ENCINITAS — For the first time since her election to the Encinitas City Council in 2014, Catherine Blakespear found herself off the dais, speaking to a body of elected officials.
Her remarks were two minutes, much like the speakers who speak before her and the City Council.
Blakespear was speaking before the State Senate Housing and Transportation Committee, voicing Encinitas’ opposition to Assembly Bill 2501, which would, among other things, strip cities of the ability to require developers to prepare additional reports or studies as a condition of their projects and would require cities to “round up” in the event the number of units proposed on a site of the number of allowable units is a fraction.
“I came up here today from Southern California because the city of Encinitas is so opposed to AB 2501 that we thought it was important to send a representative to speak against it,” Blakespear said to the elected body.
Encinitas, where developers have built a proportionally large amount of density bonus projects, has been at the forefront of the fight against the proliferation of such developments, which their residents said have created projects that are inconsistent with character of the communities surrounding them.
Blakespear’s two-minute speech was one of a dozen both in favor of and opposed to the assembly bill, which has a lot of momentum and experts believe is headed toward passage.
The Assembly in May passed it out of its hall with a 45-7 vote and Gov. Jerry Brown, in his May revised budget, specifically called out the bill as an important piece of the state’s ability to increase its housing stock to meet increasing demands.
Blakespear offered the strongest opposition to the bill, which she said does not meet the legislature and Gov. Jerry Brown’s goal of creating more affordable housing.
“At base this law does almost nothing to create more affordable housing, which is its supposed goal and the goal of the governor,” she said. “The city of Encinitas would support state level policies that were actually designed to create affordable housing, but we are opposed to policies that create density just for the sake of density.
“We have a zoning code for a reason, this law would make every zone in our city denser, which just erodes our quality of life,” she added. “We have a zoning code for a reason. Trying to turn every suburb into an urban mecca through state policies that ease the path for higher density developments is misguided.”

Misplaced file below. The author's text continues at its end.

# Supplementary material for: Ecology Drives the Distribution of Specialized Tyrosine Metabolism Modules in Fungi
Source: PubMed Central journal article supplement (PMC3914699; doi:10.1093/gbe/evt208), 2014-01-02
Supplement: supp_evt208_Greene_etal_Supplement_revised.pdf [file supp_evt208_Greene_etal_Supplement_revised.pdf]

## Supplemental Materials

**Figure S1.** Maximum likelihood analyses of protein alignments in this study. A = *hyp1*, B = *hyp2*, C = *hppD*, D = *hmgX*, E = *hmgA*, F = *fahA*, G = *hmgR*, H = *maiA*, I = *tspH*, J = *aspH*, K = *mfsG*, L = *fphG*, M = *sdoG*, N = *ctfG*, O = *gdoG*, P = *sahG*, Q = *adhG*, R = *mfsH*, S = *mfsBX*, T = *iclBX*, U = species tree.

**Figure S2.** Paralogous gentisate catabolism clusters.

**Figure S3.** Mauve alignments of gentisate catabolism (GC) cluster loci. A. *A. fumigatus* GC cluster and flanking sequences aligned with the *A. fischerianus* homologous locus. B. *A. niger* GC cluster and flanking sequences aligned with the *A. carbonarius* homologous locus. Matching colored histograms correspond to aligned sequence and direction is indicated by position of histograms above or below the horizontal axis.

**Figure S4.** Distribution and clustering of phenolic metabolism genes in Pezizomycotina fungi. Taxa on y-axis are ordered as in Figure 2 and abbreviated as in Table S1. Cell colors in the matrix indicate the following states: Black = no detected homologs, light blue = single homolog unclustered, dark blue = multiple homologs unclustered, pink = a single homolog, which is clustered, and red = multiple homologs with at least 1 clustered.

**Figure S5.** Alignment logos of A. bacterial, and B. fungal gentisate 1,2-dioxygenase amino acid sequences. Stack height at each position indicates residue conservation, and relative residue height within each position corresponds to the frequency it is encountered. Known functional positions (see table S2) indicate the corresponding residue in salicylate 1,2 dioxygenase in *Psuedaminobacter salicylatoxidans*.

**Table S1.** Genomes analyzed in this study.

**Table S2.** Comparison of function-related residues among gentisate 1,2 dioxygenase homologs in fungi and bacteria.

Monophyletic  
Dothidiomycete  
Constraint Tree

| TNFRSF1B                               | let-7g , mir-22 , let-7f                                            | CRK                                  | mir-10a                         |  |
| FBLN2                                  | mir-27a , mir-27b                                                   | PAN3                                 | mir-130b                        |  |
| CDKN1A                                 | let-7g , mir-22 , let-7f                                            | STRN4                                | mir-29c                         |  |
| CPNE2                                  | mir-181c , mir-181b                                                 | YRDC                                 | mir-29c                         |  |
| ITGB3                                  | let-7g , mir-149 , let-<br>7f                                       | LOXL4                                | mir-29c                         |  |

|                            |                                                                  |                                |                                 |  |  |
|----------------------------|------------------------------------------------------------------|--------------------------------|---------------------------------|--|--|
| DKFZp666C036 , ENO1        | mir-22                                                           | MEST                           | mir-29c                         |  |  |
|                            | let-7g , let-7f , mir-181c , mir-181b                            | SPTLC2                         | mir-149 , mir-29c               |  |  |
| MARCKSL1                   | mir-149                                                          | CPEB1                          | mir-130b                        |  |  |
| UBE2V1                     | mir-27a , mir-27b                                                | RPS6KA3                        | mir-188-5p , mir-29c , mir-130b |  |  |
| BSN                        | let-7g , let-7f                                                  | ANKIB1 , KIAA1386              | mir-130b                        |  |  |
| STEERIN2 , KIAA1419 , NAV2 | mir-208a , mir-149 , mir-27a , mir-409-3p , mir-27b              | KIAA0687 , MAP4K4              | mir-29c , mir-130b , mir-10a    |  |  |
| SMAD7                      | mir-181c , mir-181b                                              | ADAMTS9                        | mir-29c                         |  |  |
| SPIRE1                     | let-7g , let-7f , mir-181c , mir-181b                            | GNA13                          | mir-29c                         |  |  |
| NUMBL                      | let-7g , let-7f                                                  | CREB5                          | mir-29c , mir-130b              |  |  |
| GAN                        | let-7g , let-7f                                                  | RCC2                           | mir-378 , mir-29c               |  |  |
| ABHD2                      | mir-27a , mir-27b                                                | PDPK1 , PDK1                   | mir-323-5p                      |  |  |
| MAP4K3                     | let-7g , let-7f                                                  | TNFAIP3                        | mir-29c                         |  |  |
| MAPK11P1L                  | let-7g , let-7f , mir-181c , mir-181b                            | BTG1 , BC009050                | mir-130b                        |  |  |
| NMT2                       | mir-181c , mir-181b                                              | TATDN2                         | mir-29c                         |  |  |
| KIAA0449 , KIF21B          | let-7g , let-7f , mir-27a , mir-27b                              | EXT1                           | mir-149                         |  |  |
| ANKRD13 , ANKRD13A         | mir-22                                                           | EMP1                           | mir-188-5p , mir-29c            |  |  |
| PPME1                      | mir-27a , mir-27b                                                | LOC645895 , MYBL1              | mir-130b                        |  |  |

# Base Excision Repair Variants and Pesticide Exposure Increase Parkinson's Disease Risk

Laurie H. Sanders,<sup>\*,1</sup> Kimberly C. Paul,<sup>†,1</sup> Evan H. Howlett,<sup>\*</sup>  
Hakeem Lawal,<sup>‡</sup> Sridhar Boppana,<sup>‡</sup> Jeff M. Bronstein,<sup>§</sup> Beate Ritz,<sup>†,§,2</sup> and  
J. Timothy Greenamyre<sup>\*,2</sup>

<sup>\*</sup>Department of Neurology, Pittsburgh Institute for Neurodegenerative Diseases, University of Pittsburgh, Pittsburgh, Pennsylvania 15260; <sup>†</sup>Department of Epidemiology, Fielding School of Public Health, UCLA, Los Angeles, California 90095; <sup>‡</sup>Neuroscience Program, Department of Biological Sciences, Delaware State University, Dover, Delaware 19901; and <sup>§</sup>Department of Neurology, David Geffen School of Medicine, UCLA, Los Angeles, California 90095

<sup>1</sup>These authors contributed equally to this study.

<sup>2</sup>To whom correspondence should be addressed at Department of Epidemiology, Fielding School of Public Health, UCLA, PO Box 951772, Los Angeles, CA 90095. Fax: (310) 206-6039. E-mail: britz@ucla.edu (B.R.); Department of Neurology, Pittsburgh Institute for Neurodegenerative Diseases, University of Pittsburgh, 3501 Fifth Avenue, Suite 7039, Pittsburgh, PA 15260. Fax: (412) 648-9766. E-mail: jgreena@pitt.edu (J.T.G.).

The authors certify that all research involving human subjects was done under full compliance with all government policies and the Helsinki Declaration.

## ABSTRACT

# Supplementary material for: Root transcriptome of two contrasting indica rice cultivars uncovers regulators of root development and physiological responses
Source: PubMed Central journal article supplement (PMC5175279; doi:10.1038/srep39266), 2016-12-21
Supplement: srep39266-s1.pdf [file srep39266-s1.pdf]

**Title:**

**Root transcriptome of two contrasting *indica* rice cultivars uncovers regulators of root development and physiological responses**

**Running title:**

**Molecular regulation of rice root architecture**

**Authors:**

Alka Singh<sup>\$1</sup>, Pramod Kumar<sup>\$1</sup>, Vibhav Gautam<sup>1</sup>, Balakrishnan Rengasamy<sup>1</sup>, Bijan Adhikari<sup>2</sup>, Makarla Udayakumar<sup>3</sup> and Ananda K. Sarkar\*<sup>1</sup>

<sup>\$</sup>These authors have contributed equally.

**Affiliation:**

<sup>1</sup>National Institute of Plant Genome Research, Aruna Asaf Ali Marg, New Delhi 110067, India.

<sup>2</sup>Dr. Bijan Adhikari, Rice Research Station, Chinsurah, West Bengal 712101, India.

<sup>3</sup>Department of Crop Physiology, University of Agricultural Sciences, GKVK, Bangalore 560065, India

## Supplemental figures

Blakespear went on to outline the city’s opposition to the rounding up provisions as well as the opposition to provisions that would limit local jurisdictions from requiring developers to perform studies that she said ensure developers develop high quality projects.
She urged the committee to allow local jurisdictions to make the decision for themselves.
Reached this week, Blakespear said she was cognizant of the fact that it would be an uphill battle to stop the bill’s passage.
“I think Encinitas is a small player, a small fish in a big pond in this discussion,” she said. “But I think it is useful to remind state lawmakers about the concerns that we have locally, and we are the ones that approve the projects.”
The committee delayed the vote on the bill until this week to work out several amendments proposed by the League of California Cities.
Blakespear’s Sacramento trip was not universally accepted locally. David C. Meyer, a density bonus developer who recently settled a lawsuit with Encinitas, called the trip “disappointing.”
“It is unfortunate that Encinitas is a city that prides itself on being a compassionate, inclusive community (and) continues to be one of the worst cities in the state with regards to housing production overall and especial its lack of affordable housing production,” Meyer said. “A real contradiction.
“What a sad statement about what Encinitas has become and its city council having no commitment to providing affordable housing locally,” Meyer said. “Cities like Encinitas are the very reason we have a housing crisis in California and the reason that the State Legislature has continued to strengthen the density bonus law over the last decade.”